So while I embarked on this journey of being a writer, I continued to look for part time work at film studios. Yet, as I looked at each job description I realized working in any sort of film company would seriously hinder the time I have to write and I didn’t want to just settle for writing on the side. It hit me that this is quite possibly the one time in my life when I can write without worrying about bills or other responsibilities since I’m still living at home with that lovely loan grace period. So I temporarily shut the door on finding film/tv work of any kind.

But the greed in me wouldn’t subside that easily. I wanted a job– any job. I hated not making money so I started to search for part and full time jobs close to home that wouldn’t be as demanding as film work. I kid you not… I did not receive even ONE response from a business and I was applying for jobs that HS students could do. I understand that the job market is pretty bad, but something in me felt that that wasn’t why I wasn’t getting work. It seemed in my gut like it was happening because this wasn’t a season where God wanted me to work. It felt like this was a season where I was to augment my comprehension of TV and improve my writing. I became more comfortable with this season as the days went by, but that comfort rarely lasted.

Every time I heard that someone I knew accepted a job or got into grad school, doubt, jealousy and fear crept inside of me. I really couldn’t tell if I was delusional or if I was actually doing what God wanted me to do. I took a risk, hoping it was the latter and decided I would not look for work until I finished both scripts for the workshops. It’s funny, the more I began to work on the scripts and study TV shows, the more I realized that this is absolutely like a full time job. Not only that, but it is the BEST job because the more I did it the more I realized how intense my passion for it was. I am so captivated by television shows now and even more enraptured by writing televisions scripts that I now know that THIS is what I long to do for a living. If you flashback to an old blog of mine prior to graduation I did not have a dream job.

My scripts are still under construction and April is more than halfway over, meaning that those deadlines, along with the end of my student loan grace period are coming soon. Today I started to go into panic mode again as I began to fear for my future. I wanted to just apply to every single job and do everything to find one NOW. But I don’t like to do things out of panic because I know that that panic is always the product of me relying on myself, my plans and my merits while ignoring the God that loves me. I prayed to The Lord to direct me and to speak to me. Before I connected with God I was washing dishes and in the process, the song “God of the Impossible” by Everfound came into my head. When I finally had my time with The Lord I made sure to listen to it and I am glad I did.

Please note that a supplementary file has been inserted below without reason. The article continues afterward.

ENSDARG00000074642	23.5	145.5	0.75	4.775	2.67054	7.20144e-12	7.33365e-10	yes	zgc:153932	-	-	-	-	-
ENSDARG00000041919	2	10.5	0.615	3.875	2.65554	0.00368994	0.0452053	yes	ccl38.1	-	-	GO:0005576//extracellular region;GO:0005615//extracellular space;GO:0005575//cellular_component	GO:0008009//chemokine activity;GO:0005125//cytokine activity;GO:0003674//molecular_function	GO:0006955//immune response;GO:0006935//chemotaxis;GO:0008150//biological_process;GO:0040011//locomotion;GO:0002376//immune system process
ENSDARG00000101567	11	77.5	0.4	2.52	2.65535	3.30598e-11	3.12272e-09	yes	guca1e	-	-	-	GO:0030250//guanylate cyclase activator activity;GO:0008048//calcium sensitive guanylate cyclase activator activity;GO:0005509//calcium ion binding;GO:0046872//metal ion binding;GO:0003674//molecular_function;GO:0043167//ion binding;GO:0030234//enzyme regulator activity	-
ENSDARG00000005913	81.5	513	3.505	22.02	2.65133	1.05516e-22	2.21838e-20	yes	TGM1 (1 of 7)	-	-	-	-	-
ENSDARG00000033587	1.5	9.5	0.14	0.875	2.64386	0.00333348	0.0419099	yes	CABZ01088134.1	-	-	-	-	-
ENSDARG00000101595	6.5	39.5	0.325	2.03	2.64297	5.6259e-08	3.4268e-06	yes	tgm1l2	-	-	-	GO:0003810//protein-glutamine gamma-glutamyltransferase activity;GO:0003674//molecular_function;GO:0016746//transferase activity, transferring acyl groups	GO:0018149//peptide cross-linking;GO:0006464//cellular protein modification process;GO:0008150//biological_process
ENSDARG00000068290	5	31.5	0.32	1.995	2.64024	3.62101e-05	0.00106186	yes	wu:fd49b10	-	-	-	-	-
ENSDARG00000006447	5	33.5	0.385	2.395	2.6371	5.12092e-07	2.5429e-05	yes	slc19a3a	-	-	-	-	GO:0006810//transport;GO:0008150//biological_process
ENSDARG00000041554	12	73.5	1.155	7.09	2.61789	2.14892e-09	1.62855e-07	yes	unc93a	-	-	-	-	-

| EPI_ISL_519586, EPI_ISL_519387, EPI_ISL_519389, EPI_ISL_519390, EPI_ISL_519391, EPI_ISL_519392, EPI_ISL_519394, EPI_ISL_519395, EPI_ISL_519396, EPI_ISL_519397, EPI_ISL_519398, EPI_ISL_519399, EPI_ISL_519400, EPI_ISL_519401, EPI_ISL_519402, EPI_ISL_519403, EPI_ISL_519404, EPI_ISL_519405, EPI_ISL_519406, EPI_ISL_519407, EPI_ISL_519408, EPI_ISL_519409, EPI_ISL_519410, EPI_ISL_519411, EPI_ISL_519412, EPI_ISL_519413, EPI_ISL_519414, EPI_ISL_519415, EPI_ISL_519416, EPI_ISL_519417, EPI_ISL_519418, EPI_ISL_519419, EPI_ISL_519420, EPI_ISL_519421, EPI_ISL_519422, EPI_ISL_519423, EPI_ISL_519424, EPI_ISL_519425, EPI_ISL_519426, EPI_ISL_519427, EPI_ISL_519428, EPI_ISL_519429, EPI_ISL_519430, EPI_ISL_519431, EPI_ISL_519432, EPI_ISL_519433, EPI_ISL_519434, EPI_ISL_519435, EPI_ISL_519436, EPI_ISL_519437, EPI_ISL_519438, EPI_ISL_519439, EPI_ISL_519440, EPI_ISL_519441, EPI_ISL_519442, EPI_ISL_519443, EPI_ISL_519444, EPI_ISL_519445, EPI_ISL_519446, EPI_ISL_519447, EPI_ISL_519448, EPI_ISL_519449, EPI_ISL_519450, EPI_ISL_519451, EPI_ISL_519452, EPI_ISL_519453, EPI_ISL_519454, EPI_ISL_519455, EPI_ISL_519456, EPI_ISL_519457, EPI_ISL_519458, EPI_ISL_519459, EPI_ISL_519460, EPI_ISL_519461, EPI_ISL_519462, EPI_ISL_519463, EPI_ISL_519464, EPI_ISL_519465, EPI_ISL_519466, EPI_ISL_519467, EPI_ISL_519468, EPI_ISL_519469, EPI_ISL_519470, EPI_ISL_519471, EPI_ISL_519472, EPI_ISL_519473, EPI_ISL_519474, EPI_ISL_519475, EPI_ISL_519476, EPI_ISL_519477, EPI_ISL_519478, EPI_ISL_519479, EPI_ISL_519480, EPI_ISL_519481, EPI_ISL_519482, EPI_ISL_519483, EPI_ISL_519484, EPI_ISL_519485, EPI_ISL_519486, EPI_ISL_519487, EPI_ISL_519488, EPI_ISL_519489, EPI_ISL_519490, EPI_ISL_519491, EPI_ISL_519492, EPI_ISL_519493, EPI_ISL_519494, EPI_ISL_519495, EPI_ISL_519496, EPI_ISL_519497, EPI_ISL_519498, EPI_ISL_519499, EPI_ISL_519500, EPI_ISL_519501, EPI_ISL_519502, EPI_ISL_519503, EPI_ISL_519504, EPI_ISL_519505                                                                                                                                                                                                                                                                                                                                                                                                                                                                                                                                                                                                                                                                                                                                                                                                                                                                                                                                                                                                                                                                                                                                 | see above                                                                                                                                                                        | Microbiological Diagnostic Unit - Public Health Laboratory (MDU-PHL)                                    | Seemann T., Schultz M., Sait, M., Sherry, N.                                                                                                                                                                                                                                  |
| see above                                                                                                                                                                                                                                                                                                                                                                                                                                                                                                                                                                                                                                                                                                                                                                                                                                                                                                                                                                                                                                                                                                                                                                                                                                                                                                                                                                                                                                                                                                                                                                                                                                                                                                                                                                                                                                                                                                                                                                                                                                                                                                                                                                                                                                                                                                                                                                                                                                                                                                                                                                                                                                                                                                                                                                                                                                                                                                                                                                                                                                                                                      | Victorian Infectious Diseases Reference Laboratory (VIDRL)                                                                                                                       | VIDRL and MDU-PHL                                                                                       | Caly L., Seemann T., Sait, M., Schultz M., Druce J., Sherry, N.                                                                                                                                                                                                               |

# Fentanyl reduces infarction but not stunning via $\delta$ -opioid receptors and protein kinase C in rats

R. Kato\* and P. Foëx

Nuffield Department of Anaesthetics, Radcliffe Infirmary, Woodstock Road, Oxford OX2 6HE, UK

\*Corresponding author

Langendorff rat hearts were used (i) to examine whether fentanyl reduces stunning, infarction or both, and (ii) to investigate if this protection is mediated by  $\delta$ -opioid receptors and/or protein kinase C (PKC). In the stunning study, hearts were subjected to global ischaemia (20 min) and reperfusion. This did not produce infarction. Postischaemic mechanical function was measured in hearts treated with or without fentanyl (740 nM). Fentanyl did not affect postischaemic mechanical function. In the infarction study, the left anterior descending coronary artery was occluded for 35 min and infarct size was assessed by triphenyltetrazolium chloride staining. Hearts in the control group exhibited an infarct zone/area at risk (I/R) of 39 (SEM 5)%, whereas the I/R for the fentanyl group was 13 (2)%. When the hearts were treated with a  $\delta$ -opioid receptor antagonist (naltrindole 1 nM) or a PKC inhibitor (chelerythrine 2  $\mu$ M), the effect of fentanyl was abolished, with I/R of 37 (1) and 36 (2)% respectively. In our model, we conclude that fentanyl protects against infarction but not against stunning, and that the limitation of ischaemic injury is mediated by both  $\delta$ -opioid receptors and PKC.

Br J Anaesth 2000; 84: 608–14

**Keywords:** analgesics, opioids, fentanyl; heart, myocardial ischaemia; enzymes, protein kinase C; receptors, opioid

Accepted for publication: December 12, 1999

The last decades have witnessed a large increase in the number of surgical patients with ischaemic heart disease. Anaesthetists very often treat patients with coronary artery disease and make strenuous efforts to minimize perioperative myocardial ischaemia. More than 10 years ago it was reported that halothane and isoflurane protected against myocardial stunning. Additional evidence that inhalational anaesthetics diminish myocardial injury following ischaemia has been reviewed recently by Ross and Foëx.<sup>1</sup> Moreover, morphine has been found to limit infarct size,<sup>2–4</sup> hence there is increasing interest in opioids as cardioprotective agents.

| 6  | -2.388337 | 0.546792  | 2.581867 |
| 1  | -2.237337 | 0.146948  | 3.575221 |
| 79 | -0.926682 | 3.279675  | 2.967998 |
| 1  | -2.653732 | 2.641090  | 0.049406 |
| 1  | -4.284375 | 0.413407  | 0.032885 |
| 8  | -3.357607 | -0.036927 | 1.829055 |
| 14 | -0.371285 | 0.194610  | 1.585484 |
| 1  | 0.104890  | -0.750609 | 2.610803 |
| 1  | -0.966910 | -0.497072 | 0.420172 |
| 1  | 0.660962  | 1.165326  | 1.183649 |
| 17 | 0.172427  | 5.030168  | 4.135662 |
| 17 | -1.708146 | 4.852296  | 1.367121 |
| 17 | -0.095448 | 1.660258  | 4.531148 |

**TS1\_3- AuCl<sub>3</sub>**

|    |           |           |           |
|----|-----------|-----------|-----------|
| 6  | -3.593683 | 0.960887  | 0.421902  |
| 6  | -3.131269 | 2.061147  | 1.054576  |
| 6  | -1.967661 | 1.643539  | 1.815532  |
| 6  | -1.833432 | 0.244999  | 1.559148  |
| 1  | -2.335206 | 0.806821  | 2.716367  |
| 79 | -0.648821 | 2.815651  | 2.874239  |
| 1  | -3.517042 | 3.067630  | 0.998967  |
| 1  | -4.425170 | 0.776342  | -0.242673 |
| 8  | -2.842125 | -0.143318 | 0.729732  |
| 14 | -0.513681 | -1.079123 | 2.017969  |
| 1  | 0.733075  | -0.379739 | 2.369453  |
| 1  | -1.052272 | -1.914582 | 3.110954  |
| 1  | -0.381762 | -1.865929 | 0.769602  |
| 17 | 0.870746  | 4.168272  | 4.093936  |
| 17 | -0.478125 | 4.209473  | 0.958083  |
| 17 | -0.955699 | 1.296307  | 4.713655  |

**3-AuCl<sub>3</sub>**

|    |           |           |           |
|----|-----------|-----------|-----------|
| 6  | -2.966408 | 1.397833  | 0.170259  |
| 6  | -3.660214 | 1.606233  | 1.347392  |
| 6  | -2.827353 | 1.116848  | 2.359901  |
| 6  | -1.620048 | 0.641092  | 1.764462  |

Here I am, Lord send me | I won’t look back cause I was made | To be a part of the impossible | You’re God of the impossible | Here I am, Lord send me | I won’t back down cause I believe | You are the God of the impossible | You’re God of the impossible | Here I am, send me!

This song’s lyrics overwhelmed me with emotions as the question formed in my head “Do I believe God is The God of the impossible?” That answer absolutely was a YES!!!! So my decision stood; I was and am going to hold off on looking for work until after I have, the best possible, most engaging, marketable drafts of my scripts. No, this decisions doesn’t come with the reassurance that I’ll be one of the eight people in a writer’s workshop nor does it stand with the promise that I’ll find a job immediately when I start searching again. I believe in my heart that it comes with the guarantee that God will be faithful to me because I’ve relinquished control of my life to Him and that that means that He will lead me to an impossible place that I would’ve never foreseen. In all honesty, He has already done that during these past four months; He has birthed in me a hunger to read, an improvement in my writing skills, a forgiveness for those who have hurt me, an independent spirit, a more humble spirit and a trust in Him that I haven’t had in years. These past few months have exceeded my expectations of what I would learn upon graduating from college and I thank God for that because I know this was a part of His plan for my life. So regardless of the rejections that are in store for me when I begin my job hunt once more, I will joyously praise Him because I know He’s the God of the impossible and every door that closes or opens before me is one that is bringing me to where He wants me to be.